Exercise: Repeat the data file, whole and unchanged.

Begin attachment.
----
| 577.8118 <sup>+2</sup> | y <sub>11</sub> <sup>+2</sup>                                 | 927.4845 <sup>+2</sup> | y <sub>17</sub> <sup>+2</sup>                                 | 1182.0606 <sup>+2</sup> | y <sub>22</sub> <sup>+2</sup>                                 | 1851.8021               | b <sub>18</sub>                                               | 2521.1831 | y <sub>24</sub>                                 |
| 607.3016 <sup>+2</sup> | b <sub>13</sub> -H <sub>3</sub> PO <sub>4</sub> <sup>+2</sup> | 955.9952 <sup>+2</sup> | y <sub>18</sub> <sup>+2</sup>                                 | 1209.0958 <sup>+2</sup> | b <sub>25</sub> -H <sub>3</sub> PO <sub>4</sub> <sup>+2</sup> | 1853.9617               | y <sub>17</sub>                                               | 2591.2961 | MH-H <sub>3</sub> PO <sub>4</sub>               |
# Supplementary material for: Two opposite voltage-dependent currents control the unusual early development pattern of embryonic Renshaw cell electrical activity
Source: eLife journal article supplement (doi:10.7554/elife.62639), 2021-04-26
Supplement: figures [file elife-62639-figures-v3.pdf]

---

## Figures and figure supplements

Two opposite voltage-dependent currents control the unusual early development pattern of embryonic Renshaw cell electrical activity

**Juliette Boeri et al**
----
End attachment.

| 577.8118 <sup>+2</sup> | y <sub>11</sub> <sup>+2</sup>                                 | 927.4845 <sup>+2</sup> | y <sub>17</sub> <sup>+2</sup>                                 | 1182.0606 <sup>+2</sup> | y <sub>22</sub> <sup>+2</sup>                                 | 1851.8021               | b <sub>18</sub>                                               | 2521.1831 | y <sub>24</sub>                                 |
| 607.3016 <sup>+2</sup> | b <sub>13</sub> -H <sub>3</sub> PO <sub>4</sub> <sup>+2</sup> | 955.9952 <sup>+2</sup> | y <sub>18</sub> <sup>+2</sup>                                 | 1209.0958 <sup>+2</sup> | b <sub>25</sub> -H <sub>3</sub> PO <sub>4</sub> <sup>+2</sup> | 1853.9617               | y <sub>17</sub>                                               | 2591.2961 | MH-H <sub>3</sub> PO <sub>4</sub>               |
# Supplementary material for: Two opposite voltage-dependent currents control the unusual early development pattern of embryonic Renshaw cell electrical activity
Source: eLife journal article supplement (doi:10.7554/elife.62639), 2021-04-26
Supplement: figures [file elife-62639-figures-v3.pdf]

---

## Figures and figure supplements

Two opposite voltage-dependent currents control the unusual early development pattern of embryonic Renshaw cell electrical activity

**Juliette Boeri et al**